The fight scenes are gorgeously shot in slow motion. They contain some special effects that make the participants seem to float on air. Even though this movie is based on real experiences it takes place in a romantic world that never really existed. It cannot decide if it wants to be an epic love story or an action film.
The cinematography is as beautiful as Ziyi Zhang, who has been stirring libidos since Crouching Tiger, Hidden Dragon (2000). She plays a character here that we have become quite familiar with, that of the beautiful martial artist with the angelic face. She seems so sweet and demure, yet can be dangerous when crossed.
The Grandmaster is as visually beautiful as a striking orchid. It gets your attention with colorful petals and the depth of its stigma. However, like a flower, this film creates no emotional attachment. I mean, how much can you get from staring at a flower for two hours, no matter how attractive it is.
Tony Leung Chiu Wai and Ziyi Zhang in The Grandmaster.
The Grandmaster (Yi dai zong shi) is a stunningly beautiful film as well as a leisurely paced one. On that we all agree. In style it reminded me of an old Hollywood musical. The sets and the way it was shot are very glamorous and old fashioned. The clothes are equally splendid, perfectly conjuring up fashions from the 1930s through the 1950s. Mid-twentieth century wars and the ensuing societal upheaval make for a vivid backdrop even if the script barely scratches the surface of historical fact.
Scott compared the fight scenes to dance. I agree. They are like big production numbers. They are as precisely choreographed as any tap routine by Fred and Ginger. Unfortunately they are also about as threatening as a dance by Fred and Ginger. They are beautifully shot and edited but lacking in any sense of danger. This is probably the least violent martial arts film I've ever seen. Eric, I agree that the movie has an identity crisis. It can't commit to either personality. It isn't romantic enough to be an epic love story and it's way too slowly paced to be a decent action flick.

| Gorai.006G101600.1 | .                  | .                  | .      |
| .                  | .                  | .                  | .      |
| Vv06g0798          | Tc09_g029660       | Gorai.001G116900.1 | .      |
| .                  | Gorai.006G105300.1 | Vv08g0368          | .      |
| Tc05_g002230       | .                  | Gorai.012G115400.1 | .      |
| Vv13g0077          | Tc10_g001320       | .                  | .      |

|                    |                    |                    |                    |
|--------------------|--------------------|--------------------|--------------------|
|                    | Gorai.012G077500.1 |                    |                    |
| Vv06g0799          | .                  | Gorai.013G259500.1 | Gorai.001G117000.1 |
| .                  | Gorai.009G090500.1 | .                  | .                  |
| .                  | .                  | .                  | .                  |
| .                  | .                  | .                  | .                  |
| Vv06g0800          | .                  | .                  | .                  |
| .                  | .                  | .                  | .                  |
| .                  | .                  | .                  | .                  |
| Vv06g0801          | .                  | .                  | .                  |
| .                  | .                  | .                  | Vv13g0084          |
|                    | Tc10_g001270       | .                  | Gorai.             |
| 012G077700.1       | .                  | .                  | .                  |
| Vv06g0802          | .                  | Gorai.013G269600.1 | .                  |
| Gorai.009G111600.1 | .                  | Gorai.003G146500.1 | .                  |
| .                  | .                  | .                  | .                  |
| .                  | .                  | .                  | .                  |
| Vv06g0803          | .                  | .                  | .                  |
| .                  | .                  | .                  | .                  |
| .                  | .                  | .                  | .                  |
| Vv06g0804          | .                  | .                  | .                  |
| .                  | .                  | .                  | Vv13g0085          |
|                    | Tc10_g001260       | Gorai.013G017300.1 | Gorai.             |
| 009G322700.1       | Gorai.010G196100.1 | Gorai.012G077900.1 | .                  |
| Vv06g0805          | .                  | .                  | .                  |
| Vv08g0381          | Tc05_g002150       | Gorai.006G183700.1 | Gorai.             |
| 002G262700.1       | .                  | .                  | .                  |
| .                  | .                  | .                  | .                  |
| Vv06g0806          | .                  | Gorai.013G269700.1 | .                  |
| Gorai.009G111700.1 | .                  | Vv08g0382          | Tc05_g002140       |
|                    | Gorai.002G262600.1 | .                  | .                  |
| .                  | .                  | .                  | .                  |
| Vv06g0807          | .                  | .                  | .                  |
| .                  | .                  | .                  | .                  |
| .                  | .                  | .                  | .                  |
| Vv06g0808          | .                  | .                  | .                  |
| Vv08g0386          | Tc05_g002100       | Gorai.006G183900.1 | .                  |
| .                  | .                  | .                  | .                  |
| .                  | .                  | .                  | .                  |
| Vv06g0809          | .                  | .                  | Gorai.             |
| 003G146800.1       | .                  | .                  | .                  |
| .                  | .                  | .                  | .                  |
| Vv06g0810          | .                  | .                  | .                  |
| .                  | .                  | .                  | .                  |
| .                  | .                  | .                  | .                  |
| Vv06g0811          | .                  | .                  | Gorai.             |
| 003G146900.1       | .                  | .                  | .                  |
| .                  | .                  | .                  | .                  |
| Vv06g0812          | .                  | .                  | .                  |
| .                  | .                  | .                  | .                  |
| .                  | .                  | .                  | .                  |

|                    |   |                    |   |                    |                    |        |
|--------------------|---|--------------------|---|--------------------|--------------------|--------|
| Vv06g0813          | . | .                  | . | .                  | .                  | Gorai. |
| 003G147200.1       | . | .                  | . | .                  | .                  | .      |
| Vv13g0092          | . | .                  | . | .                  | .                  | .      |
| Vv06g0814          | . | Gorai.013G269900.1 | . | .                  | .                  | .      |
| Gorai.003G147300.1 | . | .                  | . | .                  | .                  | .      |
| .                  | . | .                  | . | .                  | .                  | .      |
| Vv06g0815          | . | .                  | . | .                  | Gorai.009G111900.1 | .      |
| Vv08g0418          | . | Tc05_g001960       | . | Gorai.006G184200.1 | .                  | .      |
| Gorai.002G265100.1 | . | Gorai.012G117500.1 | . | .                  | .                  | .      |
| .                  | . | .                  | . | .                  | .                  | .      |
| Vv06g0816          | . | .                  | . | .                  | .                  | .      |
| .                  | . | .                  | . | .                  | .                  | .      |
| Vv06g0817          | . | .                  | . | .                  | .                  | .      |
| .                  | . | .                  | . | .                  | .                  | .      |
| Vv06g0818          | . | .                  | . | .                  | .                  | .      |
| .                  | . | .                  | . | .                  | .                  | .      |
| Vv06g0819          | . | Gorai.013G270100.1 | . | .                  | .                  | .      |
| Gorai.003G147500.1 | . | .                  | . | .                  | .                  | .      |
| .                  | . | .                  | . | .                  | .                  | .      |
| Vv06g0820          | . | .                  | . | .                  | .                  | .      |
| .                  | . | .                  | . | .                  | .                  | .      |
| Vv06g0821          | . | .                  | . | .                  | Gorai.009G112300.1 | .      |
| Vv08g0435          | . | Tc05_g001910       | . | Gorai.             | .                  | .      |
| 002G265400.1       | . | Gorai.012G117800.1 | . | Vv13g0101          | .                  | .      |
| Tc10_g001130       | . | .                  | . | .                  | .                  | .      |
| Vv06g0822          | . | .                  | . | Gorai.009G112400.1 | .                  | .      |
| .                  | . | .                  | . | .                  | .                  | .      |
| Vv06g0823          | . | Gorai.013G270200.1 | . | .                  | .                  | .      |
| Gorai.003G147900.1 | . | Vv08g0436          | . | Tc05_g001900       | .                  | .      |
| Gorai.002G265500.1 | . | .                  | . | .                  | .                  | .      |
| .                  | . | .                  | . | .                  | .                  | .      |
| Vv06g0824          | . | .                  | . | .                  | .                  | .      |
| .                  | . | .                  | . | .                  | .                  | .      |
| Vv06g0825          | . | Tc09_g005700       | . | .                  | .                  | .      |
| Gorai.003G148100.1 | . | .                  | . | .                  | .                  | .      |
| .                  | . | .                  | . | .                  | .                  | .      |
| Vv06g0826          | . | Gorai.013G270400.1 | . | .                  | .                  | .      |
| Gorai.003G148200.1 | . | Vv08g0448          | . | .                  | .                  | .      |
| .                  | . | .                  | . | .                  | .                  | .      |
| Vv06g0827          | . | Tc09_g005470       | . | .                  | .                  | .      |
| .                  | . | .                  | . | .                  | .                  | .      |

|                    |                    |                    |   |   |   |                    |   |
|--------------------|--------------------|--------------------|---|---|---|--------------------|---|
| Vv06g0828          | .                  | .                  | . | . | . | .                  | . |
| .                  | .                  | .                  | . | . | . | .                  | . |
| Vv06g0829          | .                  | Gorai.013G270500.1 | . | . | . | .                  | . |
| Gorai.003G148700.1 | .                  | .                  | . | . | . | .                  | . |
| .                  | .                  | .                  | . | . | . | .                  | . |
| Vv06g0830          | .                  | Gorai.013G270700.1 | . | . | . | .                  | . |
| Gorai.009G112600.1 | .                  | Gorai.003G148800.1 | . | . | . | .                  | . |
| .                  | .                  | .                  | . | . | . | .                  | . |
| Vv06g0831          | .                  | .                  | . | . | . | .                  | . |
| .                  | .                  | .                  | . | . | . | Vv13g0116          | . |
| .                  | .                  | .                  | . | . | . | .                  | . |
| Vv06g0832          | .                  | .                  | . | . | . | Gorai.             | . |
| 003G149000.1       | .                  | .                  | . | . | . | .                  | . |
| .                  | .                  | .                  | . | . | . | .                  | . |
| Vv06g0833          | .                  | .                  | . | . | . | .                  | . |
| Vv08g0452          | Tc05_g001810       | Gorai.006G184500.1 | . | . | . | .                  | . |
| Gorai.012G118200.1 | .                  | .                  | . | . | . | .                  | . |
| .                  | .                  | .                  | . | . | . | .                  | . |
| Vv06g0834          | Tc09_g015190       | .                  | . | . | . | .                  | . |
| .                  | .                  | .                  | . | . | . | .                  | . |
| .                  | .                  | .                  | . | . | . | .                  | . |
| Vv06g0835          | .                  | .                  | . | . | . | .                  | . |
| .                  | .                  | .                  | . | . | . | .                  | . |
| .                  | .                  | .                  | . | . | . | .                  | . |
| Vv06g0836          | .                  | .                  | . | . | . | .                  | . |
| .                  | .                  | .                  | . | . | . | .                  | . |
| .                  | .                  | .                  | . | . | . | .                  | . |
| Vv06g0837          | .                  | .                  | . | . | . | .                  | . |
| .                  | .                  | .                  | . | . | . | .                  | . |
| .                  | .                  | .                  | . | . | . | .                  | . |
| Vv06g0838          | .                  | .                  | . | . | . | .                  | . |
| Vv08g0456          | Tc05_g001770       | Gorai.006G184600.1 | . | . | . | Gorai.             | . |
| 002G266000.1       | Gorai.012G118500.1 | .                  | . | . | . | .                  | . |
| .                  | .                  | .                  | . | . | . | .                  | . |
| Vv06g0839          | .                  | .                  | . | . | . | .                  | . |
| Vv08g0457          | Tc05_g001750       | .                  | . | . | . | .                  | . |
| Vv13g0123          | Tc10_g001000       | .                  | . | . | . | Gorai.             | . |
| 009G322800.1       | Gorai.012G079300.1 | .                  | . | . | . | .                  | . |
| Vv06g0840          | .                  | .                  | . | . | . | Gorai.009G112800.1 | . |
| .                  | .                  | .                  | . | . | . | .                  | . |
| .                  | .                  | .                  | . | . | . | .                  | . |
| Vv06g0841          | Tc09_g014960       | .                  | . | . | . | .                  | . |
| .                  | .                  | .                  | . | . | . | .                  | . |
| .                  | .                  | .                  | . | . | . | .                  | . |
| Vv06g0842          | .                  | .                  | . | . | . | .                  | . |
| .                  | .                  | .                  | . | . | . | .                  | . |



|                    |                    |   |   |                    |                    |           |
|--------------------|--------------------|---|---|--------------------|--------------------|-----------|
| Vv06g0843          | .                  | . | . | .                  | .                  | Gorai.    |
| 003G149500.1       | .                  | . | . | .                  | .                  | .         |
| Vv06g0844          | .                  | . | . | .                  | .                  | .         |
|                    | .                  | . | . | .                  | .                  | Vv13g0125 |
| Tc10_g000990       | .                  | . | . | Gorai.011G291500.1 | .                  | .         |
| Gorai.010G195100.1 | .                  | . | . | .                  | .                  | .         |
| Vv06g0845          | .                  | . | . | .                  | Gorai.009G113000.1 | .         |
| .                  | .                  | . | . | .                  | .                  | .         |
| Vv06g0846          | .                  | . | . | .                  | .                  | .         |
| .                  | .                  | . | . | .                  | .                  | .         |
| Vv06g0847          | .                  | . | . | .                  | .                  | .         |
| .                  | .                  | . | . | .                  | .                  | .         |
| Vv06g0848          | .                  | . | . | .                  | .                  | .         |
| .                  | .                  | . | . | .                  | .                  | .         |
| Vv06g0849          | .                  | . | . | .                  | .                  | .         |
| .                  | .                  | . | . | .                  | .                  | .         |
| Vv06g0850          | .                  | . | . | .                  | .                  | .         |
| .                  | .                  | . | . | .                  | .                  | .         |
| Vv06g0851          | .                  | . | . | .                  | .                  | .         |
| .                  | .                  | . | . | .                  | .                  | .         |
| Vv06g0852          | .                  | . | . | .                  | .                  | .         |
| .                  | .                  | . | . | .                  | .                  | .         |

The love story never takes off. It needed some passion but never manages to get above a low simmer. Gong Er is a frustrating character. What Scott didn't mention was that she alone chose her fate. There was no family pressure brought to bear, she even went against her father's dying wishes. So she vows to never teach, marry, or have children in order to spend her life seeking vengeance. Get over yourself already.
Ip Man, meanwhile, spends most of the movie pining after her from afar. When they do get together they fight a little but mostly just talk about martial arts. He's married, she's intent on being a martyr, end of story. I never felt like I really got to know either of them. It's all very melodramatic and tragic but it lacks depth. Ziyi Zhang and Tony Leung Chiu Wai are both fine actors but they're never allowed to develop any chemistry together.
My brothers have often kidded me for my habit of mentioning Barbra Streisand in reviews for movies she isn't in. Well here I go again. The Grandmaster is set during the same time period as The Way We Were. Gong Er and Ip Man are a bit like Katie and Hubbell. The women are single-minded and stubborn to a fault, while the men both come from money and have a more laid back approach to life. But that's where any similarity ends. The Way We Were is a classic love story while The Grandmaster is merely decorative.
Photos © Copyright Annapurna Pictures (2013)